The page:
Movie Review: Legend of Tarzan

A new look at the Lord of the Jungle tries to address real history but fails to deliver the thrills

Legend of Tarzan
Directed by David Yates
With Alexander Skarsgård, Samuel L. Jackson, Margot Robbie, Djimon Hounsou, Jim Broadbent, Christoph Waltz


The tales of Tarzan, as written by Edgar Rice Burroughs, are a bit problematic in their depiction of Africa and the people who live there. The first stories came out in 1912, more than a century ago, and attitudes were different then.

A new film version called Legend of Tarzan tries to reinvent the character by adding some politics. The film begins after Tarzan, also known as Lord Greystoke, has grown up and returned to England. The exact details are left a bit fuzzy. Lord Greystoke / Tarzan (played by Alexander Skarsgård) lives in a stately manor with his wife, Jane (Margot Robbie). Both try to fit in with life in 1890s England, but clearly their hearts are elsewhere.

The plot involves the Belgian colony of the Congo, which according to the film has been costing King Leopold II a fortune. His plan is to finance the colony by finding the legendary diamonds of Opar, which are guarded by a fierce tribe. He sends Léon Rom (Christoph Waltz) to find the diamonds. He does, but the chief is only willing to exchange them for his lifelong enemy, Tarzan.

Rom, based on a true character, lures Lord Greystoke back to the Congo, but he was not counting on Jane coming along, nor a US emissary George Washington Williams (Samuel L. Jackson), also based on a real person.

The story tries to explore the horrors of colonialism, showing that entire tribes were being uprooted and enslaved to build railroads in the Congo. The Africans in the film are depicted as fully developed characters, with feelings and motivations, which is a plus for this kind of film. There is also an effort to show the Congo as a specific place, rather than treat Africa as if it was one giant country.

But the setup quickly gets into trouble. The politics that were so carefully developed are set aside and the film turns into a damsel-in-distress tale. Jane does still come off as a strong character, but it is disappointing that the film didn’t set its aspirations a bit higher than creating an extended chase scene.

What is worse, though, is that Tarzan is a crashing bore. While the film is trying to show the human side of a larger than life character, it goes too far. Alexander Skarsgård breathes no life into the role. Both Lord Greystoke and Tarzan are cold and aloof, with little energy or humor. It is perhaps the most lackluster Tarzan since Miles O'Keeffe in the 1981 film Tarzan, the Ape Man, which was made to showcase model turned actress Bo Derek.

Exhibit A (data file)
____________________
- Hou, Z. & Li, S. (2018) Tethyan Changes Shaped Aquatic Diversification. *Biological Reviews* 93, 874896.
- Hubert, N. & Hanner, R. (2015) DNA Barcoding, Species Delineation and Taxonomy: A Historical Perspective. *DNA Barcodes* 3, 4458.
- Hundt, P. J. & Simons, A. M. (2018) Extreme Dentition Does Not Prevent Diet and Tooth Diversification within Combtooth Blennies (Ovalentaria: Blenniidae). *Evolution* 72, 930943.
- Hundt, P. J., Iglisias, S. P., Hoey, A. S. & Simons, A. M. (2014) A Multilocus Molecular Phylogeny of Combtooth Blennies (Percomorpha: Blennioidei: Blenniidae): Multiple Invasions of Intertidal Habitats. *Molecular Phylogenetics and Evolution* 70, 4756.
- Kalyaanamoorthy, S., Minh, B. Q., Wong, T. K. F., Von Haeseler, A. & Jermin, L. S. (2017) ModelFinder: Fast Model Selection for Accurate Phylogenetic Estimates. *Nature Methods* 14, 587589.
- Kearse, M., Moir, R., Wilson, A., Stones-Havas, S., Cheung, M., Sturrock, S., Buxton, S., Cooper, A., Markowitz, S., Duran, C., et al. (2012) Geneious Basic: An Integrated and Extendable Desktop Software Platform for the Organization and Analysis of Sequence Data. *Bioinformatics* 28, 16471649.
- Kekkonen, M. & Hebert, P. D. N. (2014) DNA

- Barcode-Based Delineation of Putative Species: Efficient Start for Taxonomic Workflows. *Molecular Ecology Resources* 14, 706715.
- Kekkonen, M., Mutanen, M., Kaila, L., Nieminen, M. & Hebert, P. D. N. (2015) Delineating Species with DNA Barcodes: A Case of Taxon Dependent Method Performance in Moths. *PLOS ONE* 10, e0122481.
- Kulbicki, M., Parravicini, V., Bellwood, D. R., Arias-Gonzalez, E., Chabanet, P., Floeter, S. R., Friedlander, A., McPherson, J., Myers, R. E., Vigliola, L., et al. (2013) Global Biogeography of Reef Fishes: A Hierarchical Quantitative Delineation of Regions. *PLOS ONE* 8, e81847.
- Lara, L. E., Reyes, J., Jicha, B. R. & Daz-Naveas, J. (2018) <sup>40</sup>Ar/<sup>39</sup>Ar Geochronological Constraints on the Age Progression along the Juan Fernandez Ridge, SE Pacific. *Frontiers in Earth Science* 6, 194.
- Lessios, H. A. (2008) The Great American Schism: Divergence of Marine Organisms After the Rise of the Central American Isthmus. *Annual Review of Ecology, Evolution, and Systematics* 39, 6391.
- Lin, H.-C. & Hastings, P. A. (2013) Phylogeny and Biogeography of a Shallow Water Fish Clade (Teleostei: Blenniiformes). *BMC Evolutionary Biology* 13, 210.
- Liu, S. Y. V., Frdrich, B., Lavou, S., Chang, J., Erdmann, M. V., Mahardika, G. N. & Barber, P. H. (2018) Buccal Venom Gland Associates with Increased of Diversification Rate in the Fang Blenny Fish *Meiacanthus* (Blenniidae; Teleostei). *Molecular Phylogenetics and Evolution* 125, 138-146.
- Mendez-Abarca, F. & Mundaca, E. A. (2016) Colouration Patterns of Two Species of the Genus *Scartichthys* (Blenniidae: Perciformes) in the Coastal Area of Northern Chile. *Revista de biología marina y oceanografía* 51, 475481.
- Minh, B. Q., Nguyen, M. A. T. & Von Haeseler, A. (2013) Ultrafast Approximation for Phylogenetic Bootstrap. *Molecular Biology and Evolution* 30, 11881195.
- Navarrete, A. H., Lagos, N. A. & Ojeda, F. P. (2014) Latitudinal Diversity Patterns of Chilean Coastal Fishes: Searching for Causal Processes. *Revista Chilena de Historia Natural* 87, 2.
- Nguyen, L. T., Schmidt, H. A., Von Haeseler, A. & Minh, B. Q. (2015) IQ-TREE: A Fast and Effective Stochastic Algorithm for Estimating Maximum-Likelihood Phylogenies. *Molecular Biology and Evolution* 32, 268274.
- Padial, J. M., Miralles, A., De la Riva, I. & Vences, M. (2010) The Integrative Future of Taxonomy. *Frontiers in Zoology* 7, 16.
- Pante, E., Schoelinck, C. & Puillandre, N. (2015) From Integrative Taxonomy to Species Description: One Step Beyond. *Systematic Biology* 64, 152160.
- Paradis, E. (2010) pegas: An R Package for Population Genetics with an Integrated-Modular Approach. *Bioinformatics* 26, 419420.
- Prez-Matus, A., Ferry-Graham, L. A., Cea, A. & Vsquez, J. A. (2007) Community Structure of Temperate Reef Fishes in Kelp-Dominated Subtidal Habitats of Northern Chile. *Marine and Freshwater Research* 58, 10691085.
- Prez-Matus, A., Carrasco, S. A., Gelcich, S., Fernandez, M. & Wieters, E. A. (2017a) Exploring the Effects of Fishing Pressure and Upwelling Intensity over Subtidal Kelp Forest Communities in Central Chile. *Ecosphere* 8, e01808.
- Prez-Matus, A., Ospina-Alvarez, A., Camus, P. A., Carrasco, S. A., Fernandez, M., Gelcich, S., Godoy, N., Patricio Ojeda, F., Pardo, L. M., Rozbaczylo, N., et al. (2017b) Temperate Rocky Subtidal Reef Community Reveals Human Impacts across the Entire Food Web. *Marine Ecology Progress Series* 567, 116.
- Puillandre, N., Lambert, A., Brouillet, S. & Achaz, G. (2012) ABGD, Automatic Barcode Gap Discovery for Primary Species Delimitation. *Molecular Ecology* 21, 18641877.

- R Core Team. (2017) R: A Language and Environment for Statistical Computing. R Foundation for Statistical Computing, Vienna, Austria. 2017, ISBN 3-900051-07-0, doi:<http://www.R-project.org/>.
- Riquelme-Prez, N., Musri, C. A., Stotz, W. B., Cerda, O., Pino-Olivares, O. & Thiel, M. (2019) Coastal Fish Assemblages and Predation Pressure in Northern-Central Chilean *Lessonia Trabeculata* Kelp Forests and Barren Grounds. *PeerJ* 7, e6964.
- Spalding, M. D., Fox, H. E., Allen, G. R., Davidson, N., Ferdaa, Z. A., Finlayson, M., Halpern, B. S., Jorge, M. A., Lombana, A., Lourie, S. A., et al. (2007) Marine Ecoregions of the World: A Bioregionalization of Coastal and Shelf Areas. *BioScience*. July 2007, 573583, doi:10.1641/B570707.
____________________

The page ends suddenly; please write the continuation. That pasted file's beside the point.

Samuel L. Jackson can usually save a misguided project, and he does his best as a former Indian fighter who drops hints that he regrets his participation in the US conflicts with Native Americans and wishes to stop the same from happening in Africa. He actually brings the range of emotion and humor that the lead character should have had; unfortunately he is not the main focus of the film. He should have been. The character he plays, George Washington Williams, actually did investigate slavery in the Congo and make efforts to stop it.

Christoph Waltz also tries hard as the villain Léon Rom, and does a nice portrait of a truly evil man who covers it all up with Continental charm and good manners. He is truly vile as he tries to woo his captive Jane. Léon Rom in real life is supposed to have been an inspiration for the novel Heart of Darkness. His cruelty in executing Congolese natives is well documented.

Jane is another stumbling block. Margot Robbie is let down by the script. She creates a very strong character who can be both tough and feminine, and who can speak her mind. Unfortunately, the filmmakers couldn’t figure out what to do with her so they let her get kidnapped so she would have to be rescued. She is clever and resourceful even as a captive, but if the filmmakers wanted to update the old clichés they could have given her a more pro-active role than shackled hostage.

But what finally sinks the film is poor and poorly places special effects. Some of the animals just don’t seem real. A flock of ostriches in particular is a bit awkward. Tarzan in the novels can rally animals with his yell, and when this happens in the film it is another endless CGI mess.

Computer generated scenes of Tarzan swinging on vines also seem to defy the laws of math and physics, again detracting from overall effect of the film.

There is a good story in here, but it is the one with Léon Rom and George Washington Williams. If they had just left out Tarzan and Jane, this could have been a great film.

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